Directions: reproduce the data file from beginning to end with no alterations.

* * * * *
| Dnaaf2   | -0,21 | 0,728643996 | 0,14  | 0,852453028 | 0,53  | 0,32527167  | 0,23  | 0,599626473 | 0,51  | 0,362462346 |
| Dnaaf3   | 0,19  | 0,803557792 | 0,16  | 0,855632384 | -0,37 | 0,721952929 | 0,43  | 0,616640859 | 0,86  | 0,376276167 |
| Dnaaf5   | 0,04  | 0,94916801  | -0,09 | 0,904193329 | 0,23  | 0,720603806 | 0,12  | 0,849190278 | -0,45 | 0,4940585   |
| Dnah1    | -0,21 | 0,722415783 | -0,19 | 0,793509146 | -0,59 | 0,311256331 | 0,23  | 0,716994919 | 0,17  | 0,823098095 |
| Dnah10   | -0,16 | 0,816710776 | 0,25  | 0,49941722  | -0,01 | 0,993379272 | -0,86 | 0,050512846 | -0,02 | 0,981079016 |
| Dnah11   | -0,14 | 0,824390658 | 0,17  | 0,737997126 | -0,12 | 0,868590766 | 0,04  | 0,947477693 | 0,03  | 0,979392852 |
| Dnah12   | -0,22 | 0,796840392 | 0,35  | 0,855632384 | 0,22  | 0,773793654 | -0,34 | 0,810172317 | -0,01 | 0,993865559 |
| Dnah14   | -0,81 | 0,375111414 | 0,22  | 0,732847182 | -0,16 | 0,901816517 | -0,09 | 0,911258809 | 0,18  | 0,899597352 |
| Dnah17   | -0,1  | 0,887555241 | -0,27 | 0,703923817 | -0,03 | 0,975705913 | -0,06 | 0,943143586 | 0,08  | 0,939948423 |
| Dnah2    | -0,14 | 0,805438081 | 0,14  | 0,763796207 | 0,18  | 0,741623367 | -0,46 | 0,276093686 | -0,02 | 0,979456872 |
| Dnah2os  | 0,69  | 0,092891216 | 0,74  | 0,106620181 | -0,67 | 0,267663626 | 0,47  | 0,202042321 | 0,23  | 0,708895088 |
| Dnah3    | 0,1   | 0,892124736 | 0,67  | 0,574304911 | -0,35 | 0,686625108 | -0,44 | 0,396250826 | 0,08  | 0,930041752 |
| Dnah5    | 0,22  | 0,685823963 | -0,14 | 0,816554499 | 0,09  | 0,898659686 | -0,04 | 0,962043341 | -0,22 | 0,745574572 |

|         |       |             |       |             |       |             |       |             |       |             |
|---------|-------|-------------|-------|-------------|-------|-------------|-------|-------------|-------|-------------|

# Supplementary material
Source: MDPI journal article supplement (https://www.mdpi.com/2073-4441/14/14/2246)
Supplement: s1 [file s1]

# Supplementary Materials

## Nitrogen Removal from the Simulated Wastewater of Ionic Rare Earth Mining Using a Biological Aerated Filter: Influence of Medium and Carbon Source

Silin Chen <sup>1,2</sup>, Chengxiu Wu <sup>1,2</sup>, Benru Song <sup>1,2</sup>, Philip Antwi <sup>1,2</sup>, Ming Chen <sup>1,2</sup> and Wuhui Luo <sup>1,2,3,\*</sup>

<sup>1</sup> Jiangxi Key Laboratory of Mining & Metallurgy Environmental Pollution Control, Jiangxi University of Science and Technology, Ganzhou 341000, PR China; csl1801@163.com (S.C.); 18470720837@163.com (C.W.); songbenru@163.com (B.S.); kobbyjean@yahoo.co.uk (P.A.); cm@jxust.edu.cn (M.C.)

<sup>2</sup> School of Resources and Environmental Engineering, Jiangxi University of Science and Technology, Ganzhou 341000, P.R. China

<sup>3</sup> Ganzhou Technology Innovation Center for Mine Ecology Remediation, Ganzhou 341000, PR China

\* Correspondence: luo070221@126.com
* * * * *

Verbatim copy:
| Dnaaf2   | -0,21 | 0,728643996 | 0,14  | 0,852453028 | 0,53  | 0,32527167  | 0,23  | 0,599626473 | 0,51  | 0,362462346 |
| Dnaaf3   | 0,19  | 0,803557792 | 0,16  | 0,855632384 | -0,37 | 0,721952929 | 0,43  | 0,616640859 | 0,86  | 0,376276167 |
| Dnaaf5   | 0,04  | 0,94916801  | -0,09 | 0,904193329 | 0,23  | 0,720603806 | 0,12  | 0,849190278 | -0,45 | 0,4940585   |
| Dnah1    | -0,21 | 0,722415783 | -0,19 | 0,793509146 | -0,59 | 0,311256331 | 0,23  | 0,716994919 | 0,17  | 0,823098095 |
| Dnah10   | -0,16 | 0,816710776 | 0,25  | 0,49941722  | -0,01 | 0,993379272 | -0,86 | 0,050512846 | -0,02 | 0,981079016 |
| Dnah11   | -0,14 | 0,824390658 | 0,17  | 0,737997126 | -0,12 | 0,868590766 | 0,04  | 0,947477693 | 0,03  | 0,979392852 |
| Dnah12   | -0,22 | 0,796840392 | 0,35  | 0,855632384 | 0,22  | 0,773793654 | -0,34 | 0,810172317 | -0,01 | 0,993865559 |
| Dnah14   | -0,81 | 0,375111414 | 0,22  | 0,732847182 | -0,16 | 0,901816517 | -0,09 | 0,911258809 | 0,18  | 0,899597352 |
| Dnah17   | -0,1  | 0,887555241 | -0,27 | 0,703923817 | -0,03 | 0,975705913 | -0,06 | 0,943143586 | 0,08  | 0,939948423 |
| Dnah2    | -0,14 | 0,805438081 | 0,14  | 0,763796207 | 0,18  | 0,741623367 | -0,46 | 0,276093686 | -0,02 | 0,979456872 |
| Dnah2os  | 0,69  | 0,092891216 | 0,74  | 0,106620181 | -0,67 | 0,267663626 | 0,47  | 0,202042321 | 0,23  | 0,708895088 |
| Dnah3    | 0,1   | 0,892124736 | 0,67  | 0,574304911 | -0,35 | 0,686625108 | -0,44 | 0,396250826 | 0,08  | 0,930041752 |
| Dnah5    | 0,22  | 0,685823963 | -0,14 | 0,816554499 | 0,09  | 0,898659686 | -0,04 | 0,962043341 | -0,22 | 0,745574572 |

|         |       |             |       |             |       |             |       |             |       |             |
|---------|-------|-------------|-------|-------------|-------|-------------|-------|-------------|-------|-------------|

# Supplementary material
Source: MDPI journal article supplement (https://www.mdpi.com/2073-4441/14/14/2246)
Supplement: s1 [file s1]

# Supplementary Materials

## Nitrogen Removal from the Simulated Wastewater of Ionic Rare Earth Mining Using a Biological Aerated Filter: Influence of Medium and Carbon Source

Silin Chen <sup>1,2</sup>, Chengxiu Wu <sup>1,2</sup>, Benru Song <sup>1,2</sup>, Philip Antwi <sup>1,2</sup>, Ming Chen <sup>1,2</sup> and Wuhui Luo <sup>1,2,3,\*</sup>

<sup>1</sup> Jiangxi Key Laboratory of Mining & Metallurgy Environmental Pollution Control, Jiangxi University of Science and Technology, Ganzhou 341000, PR China; csl1801@163.com (S.C.); 18470720837@163.com (C.W.); songbenru@163.com (B.S.); kobbyjean@yahoo.co.uk (P.A.); cm@jxust.edu.cn (M.C.)

<sup>2</sup> School of Resources and Environmental Engineering, Jiangxi University of Science and Technology, Ganzhou 341000, P.R. China

<sup>3</sup> Ganzhou Technology Innovation Center for Mine Ecology Remediation, Ganzhou 341000, PR China

\* Correspondence: luo070221@126.com